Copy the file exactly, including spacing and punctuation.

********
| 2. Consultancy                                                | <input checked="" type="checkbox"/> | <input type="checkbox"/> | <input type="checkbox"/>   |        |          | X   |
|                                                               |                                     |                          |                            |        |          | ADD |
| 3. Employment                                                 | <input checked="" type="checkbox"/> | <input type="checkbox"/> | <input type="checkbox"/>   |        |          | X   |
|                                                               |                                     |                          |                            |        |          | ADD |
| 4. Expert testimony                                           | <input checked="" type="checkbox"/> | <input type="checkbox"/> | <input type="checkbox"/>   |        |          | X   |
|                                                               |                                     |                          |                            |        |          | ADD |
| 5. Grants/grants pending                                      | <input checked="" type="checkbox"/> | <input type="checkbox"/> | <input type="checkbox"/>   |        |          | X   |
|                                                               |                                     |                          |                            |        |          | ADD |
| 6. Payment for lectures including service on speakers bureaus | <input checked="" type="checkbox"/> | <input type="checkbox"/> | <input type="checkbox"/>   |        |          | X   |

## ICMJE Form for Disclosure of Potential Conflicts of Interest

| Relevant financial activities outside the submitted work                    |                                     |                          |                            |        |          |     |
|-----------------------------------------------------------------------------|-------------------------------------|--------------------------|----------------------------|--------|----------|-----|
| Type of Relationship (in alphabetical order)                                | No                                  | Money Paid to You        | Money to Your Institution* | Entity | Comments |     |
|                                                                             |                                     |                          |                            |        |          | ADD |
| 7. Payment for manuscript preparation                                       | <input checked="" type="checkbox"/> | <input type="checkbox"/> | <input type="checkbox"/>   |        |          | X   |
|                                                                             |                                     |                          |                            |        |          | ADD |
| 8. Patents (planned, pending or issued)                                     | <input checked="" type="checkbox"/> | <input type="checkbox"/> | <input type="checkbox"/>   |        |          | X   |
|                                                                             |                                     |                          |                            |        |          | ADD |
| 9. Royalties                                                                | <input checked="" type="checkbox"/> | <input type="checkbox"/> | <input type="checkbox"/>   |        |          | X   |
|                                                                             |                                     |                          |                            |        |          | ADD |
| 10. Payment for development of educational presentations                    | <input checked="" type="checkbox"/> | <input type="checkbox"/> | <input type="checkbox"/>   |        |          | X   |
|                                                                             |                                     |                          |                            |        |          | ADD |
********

| 2. Consultancy                                                | <input checked="" type="checkbox"/> | <input type="checkbox"/> | <input type="checkbox"/>   |        |          | X   |
|                                                               |                                     |                          |                            |        |          | ADD |
| 3. Employment                                                 | <input checked="" type="checkbox"/> | <input type="checkbox"/> | <input type="checkbox"/>   |        |          | X   |
|                                                               |                                     |                          |                            |        |          | ADD |
| 4. Expert testimony                                           | <input checked="" type="checkbox"/> | <input type="checkbox"/> | <input type="checkbox"/>   |        |          | X   |
|                                                               |                                     |                          |                            |        |          | ADD |
| 5. Grants/grants pending                                      | <input checked="" type="checkbox"/> | <input type="checkbox"/> | <input type="checkbox"/>   |        |          | X   |
|                                                               |                                     |                          |                            |        |          | ADD |
| 6. Payment for lectures including service on speakers bureaus | <input checked="" type="checkbox"/> | <input type="checkbox"/> | <input type="checkbox"/>   |        |          | X   |

## ICMJE Form for Disclosure of Potential Conflicts of Interest

| Relevant financial activities outside the submitted work                    |                                     |                          |                            |        |          |     |
|-----------------------------------------------------------------------------|-------------------------------------|--------------------------|----------------------------|--------|----------|-----|
| Type of Relationship (in alphabetical order)                                | No                                  | Money Paid to You        | Money to Your Institution* | Entity | Comments |     |
|                                                                             |                                     |                          |                            |        |          | ADD |
| 7. Payment for manuscript preparation                                       | <input checked="" type="checkbox"/> | <input type="checkbox"/> | <input type="checkbox"/>   |        |          | X   |
|                                                                             |                                     |                          |                            |        |          | ADD |
| 8. Patents (planned, pending or issued)                                     | <input checked="" type="checkbox"/> | <input type="checkbox"/> | <input type="checkbox"/>   |        |          | X   |
|                                                                             |                                     |                          |                            |        |          | ADD |
| 9. Royalties                                                                | <input checked="" type="checkbox"/> | <input type="checkbox"/> | <input type="checkbox"/>   |        |          | X   |
|                                                                             |                                     |                          |                            |        |          | ADD |
| 10. Payment for development of educational presentations                    | <input checked="" type="checkbox"/> | <input type="checkbox"/> | <input type="checkbox"/>   |        |          | X   |
|                                                                             |                                     |                          |                            |        |          | ADD |